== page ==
Affordable Access

Access to the full text

Gamow's Calculation of the Neutron Star's Critical Mass Revised

Authors
  • Ludwig, Hendrik
  • Ruffini, Remo
Type
Preprint
Publication Date
Sep 05, 2014
Submission Date
Feb 15, 2014
Identifiers
DOI: 10.3938/jkps.65.892
Source
arXiv
License
Yellow
External links

Abstract

It has at times been indicated that Landau introduced neutron stars in his classic paper of 1932. This is clearly impossible because the discovery of the neutron by Chadwick was submitted more than one month after Landau's work. Therefore, and according to his calculations, what Landau really did was to study white dwarfs, and the critical mass he obtained clearly matched the value derived by Stoner and later by Chandrasekhar. The birth of the concept of a neutron star is still today unclear. Clearly, in 1934, the work of Baade and Zwicky pointed to neutron stars as originating from supernovae. Oppenheimer in 1939 is also well known to have introduced general relativity (GR) in the study of neutron stars. The aim of this note is to point out that the crucial idea for treating the neutron star has been advanced in Newtonian theory by Gamow. However, this pioneering work was plagued by mistakes. The critical mass he should have obtained was $6.9\,M_\odot$, not the one he declared, namely, $1.5\ M_\odot$. Probably, he was taken to this result by the work of Landau on white dwarfs. We revise Gamow's calculation of the critical mass regarding calculational and conceptual aspects and discuss whether it is justified to consider it the first neutron-star critical mass. We compare Gamow's approach to other early and modern approaches to the problem.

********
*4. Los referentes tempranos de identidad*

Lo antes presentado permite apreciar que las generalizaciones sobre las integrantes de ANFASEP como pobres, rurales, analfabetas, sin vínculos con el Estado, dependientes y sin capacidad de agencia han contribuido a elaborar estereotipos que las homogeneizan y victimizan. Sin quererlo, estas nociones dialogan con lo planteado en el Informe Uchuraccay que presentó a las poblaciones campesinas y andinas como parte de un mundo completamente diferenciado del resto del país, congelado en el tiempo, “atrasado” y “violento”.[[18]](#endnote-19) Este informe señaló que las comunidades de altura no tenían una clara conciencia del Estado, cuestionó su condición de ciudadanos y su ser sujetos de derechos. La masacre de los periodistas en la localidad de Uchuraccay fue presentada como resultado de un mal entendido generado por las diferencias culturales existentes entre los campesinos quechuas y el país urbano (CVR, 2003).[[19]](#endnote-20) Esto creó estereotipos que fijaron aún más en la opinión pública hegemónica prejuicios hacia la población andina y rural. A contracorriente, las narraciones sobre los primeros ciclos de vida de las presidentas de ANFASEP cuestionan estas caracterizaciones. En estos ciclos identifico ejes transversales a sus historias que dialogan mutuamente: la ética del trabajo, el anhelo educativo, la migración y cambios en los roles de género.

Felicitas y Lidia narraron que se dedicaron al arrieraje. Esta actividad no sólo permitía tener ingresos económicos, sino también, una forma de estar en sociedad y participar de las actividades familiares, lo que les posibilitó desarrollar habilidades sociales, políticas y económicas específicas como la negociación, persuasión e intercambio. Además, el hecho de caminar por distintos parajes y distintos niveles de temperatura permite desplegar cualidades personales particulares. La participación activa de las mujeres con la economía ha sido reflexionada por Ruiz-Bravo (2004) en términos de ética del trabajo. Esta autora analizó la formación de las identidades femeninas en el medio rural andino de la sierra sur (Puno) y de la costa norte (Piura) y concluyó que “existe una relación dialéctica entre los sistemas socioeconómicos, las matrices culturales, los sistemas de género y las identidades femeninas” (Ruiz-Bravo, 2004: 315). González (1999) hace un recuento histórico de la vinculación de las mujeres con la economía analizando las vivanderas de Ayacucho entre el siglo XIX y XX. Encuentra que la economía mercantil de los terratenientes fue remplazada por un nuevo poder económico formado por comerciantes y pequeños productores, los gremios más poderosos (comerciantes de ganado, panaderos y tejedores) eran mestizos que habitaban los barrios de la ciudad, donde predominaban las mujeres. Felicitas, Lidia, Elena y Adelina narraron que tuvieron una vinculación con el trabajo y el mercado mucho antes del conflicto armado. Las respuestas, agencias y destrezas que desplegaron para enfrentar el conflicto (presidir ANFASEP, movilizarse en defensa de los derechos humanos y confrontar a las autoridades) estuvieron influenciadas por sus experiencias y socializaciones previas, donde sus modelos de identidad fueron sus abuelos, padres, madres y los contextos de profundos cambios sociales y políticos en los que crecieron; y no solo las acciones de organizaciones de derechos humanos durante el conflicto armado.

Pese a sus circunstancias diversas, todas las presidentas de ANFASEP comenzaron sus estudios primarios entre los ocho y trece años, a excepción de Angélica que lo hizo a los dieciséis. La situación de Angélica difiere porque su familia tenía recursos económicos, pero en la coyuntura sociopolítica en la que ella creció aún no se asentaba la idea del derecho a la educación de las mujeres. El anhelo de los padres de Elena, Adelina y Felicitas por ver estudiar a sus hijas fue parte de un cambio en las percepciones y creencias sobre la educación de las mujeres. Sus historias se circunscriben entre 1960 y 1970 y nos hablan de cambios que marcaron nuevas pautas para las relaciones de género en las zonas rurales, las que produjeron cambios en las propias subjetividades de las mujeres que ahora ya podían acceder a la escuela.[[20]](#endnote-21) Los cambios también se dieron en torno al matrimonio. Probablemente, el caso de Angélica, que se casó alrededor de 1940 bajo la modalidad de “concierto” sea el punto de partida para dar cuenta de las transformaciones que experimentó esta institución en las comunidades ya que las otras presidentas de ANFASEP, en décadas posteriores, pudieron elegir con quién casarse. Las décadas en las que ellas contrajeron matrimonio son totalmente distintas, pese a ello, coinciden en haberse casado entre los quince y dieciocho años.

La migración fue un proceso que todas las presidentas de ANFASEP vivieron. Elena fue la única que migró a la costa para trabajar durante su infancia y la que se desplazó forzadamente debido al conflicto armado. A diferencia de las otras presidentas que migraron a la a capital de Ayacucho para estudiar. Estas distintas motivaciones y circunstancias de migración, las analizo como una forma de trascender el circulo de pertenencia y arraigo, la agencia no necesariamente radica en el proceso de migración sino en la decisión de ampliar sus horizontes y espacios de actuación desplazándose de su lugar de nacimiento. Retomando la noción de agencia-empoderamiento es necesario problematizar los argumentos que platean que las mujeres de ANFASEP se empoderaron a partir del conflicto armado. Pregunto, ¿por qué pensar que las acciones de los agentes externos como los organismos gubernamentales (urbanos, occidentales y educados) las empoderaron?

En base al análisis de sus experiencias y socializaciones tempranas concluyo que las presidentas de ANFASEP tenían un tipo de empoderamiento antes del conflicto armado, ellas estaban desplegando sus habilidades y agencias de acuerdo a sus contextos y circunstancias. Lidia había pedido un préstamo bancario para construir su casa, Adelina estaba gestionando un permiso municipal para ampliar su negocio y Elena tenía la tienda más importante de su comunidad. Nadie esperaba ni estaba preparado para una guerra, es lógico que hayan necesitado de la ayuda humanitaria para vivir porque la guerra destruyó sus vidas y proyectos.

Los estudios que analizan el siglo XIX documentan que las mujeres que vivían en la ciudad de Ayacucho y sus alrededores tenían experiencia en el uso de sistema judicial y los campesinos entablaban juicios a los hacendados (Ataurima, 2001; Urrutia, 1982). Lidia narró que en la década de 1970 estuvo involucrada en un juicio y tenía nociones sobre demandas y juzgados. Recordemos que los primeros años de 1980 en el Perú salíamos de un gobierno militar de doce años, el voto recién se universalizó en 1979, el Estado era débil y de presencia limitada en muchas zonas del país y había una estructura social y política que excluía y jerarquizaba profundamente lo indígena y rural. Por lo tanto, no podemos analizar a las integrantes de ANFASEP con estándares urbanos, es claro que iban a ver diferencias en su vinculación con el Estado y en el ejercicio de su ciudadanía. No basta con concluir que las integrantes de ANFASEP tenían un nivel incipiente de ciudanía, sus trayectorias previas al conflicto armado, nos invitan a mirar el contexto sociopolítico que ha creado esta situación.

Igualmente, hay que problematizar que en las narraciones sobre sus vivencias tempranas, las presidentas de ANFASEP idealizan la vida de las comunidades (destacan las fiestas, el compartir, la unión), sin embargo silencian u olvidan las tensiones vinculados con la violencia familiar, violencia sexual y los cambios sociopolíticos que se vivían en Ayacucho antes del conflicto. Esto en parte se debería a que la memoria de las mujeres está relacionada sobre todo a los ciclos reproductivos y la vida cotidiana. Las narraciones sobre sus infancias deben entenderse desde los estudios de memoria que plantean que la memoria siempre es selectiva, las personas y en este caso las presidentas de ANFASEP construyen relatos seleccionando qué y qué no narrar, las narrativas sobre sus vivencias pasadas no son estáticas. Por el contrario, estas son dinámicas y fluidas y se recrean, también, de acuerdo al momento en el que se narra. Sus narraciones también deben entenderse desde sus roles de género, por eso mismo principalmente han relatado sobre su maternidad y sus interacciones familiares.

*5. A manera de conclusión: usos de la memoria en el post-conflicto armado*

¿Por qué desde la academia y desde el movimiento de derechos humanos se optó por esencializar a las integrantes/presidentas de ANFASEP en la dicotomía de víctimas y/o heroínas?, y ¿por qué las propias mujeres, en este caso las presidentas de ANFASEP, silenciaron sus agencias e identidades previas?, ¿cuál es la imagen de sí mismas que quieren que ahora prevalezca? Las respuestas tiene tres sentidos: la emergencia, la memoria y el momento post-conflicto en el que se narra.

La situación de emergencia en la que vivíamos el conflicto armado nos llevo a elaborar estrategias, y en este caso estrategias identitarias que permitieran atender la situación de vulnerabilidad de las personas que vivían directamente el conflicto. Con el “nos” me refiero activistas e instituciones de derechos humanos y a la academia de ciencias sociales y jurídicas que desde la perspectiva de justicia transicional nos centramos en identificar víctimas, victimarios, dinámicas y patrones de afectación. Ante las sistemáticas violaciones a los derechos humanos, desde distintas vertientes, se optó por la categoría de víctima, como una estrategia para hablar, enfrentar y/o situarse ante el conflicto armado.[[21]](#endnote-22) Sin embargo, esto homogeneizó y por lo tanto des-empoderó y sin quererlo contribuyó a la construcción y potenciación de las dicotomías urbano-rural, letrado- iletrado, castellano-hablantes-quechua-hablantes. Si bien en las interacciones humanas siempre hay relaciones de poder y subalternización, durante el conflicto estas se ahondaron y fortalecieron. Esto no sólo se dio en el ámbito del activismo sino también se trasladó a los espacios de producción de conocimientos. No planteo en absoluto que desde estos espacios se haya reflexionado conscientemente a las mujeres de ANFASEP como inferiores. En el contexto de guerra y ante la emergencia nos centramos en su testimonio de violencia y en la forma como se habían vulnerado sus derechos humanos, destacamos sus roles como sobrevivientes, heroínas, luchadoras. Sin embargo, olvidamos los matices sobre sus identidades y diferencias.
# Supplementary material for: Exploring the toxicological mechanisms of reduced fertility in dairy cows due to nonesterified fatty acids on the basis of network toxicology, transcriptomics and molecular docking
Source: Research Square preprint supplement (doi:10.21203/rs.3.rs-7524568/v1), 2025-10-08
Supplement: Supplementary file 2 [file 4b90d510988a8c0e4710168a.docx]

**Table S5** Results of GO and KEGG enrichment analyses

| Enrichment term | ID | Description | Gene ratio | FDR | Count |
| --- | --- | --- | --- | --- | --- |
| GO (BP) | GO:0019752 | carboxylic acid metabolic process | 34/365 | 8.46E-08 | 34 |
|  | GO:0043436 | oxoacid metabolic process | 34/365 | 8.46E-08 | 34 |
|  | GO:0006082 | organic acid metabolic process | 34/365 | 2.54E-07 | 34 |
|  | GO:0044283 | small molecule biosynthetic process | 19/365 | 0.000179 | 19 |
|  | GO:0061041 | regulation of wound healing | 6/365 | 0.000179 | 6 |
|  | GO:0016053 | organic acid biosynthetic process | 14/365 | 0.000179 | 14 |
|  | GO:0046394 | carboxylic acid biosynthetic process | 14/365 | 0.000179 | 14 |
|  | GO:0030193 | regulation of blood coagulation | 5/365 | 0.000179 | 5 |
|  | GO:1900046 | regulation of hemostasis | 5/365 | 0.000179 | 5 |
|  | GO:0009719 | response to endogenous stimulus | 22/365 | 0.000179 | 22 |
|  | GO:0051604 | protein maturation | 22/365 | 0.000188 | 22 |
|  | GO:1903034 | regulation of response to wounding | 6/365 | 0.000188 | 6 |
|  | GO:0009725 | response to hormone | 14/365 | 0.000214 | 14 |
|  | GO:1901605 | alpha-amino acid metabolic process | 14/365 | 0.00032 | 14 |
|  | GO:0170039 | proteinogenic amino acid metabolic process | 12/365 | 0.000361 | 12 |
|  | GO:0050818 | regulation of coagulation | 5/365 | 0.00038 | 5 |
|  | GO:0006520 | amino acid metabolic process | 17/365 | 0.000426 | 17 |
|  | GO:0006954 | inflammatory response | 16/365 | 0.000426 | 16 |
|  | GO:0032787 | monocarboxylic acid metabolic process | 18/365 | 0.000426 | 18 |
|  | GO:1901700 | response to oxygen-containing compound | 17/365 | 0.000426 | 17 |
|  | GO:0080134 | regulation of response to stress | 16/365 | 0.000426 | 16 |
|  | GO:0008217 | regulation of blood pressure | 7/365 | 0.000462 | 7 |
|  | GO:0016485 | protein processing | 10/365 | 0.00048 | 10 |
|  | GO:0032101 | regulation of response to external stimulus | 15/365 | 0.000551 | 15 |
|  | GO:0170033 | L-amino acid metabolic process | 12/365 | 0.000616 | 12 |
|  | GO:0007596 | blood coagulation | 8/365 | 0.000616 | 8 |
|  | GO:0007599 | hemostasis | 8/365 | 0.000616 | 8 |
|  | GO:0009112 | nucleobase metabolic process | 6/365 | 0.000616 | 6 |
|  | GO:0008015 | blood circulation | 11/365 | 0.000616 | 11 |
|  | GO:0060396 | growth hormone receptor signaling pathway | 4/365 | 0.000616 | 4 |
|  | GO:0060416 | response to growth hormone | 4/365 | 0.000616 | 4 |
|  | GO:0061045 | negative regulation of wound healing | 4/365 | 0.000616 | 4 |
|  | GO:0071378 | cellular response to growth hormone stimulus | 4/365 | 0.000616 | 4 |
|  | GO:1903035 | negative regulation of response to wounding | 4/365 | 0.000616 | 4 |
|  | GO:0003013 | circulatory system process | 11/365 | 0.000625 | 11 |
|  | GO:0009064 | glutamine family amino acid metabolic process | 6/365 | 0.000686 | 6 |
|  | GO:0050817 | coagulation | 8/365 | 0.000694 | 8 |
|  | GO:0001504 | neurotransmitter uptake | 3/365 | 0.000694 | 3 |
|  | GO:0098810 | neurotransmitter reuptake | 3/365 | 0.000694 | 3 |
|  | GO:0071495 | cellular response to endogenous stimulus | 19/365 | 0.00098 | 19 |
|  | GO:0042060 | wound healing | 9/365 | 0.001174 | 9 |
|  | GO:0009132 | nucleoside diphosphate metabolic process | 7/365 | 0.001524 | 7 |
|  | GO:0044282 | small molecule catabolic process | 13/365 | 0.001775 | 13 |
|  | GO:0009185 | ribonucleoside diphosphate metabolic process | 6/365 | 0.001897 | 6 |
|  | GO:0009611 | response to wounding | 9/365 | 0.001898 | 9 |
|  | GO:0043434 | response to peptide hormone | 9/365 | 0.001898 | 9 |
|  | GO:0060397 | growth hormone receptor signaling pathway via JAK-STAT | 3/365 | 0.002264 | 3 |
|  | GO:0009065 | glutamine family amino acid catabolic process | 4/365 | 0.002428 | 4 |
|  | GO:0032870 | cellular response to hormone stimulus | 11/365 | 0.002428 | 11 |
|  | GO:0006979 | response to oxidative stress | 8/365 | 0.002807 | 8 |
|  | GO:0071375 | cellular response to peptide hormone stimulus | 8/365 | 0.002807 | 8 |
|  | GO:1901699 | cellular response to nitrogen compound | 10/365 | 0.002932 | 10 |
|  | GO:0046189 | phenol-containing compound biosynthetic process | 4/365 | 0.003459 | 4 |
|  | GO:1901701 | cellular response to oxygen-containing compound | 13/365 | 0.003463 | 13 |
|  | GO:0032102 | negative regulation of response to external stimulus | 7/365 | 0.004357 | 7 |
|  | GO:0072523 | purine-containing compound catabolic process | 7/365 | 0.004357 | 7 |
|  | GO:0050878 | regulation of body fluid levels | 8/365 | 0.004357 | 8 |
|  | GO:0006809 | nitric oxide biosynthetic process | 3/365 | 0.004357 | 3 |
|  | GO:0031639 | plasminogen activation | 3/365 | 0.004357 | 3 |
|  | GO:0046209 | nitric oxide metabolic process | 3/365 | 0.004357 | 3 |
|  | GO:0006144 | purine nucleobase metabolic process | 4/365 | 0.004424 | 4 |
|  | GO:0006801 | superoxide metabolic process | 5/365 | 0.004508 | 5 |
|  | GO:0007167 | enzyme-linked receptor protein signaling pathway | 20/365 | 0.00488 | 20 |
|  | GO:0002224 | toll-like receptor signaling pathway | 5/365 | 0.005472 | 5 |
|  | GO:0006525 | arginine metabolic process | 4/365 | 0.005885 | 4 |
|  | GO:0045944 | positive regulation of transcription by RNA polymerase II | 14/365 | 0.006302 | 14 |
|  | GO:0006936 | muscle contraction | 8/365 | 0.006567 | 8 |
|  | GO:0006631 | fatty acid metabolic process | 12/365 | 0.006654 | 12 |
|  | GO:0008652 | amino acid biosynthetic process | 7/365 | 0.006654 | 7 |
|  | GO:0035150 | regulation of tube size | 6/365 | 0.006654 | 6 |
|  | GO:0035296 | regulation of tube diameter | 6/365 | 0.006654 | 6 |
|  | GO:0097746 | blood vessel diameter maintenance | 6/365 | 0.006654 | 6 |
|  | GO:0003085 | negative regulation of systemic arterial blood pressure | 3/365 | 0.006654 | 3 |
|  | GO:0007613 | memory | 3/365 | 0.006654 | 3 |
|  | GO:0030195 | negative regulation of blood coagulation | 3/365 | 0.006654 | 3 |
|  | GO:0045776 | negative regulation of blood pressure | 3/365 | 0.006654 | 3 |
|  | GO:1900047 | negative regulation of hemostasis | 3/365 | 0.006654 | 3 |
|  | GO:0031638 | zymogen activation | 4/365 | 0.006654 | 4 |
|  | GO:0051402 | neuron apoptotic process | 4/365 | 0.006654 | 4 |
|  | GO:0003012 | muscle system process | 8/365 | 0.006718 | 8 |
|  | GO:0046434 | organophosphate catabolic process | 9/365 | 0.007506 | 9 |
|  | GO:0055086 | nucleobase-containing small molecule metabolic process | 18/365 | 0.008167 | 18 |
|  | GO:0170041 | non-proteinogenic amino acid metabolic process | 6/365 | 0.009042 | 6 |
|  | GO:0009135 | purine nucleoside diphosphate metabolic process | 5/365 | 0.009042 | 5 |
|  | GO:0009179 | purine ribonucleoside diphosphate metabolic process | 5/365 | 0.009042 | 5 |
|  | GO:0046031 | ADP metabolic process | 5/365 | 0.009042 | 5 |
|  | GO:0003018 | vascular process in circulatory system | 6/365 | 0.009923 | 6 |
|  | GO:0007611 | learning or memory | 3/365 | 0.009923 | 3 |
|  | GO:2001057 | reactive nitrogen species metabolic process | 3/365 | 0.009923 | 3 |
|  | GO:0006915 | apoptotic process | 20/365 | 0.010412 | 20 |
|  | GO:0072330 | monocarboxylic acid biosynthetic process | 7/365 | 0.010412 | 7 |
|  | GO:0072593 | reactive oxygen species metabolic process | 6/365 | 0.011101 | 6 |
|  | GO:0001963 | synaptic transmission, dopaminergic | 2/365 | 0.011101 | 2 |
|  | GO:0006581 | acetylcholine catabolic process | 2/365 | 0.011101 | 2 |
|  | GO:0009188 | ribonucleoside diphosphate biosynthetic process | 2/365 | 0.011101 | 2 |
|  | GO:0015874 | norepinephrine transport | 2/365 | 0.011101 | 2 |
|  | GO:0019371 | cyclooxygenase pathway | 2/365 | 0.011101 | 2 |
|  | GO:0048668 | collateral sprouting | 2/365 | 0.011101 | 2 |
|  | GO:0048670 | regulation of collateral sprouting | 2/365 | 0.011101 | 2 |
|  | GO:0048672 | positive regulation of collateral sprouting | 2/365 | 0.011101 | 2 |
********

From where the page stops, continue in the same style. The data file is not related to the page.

Report this publication

Statistics

Seen <100 times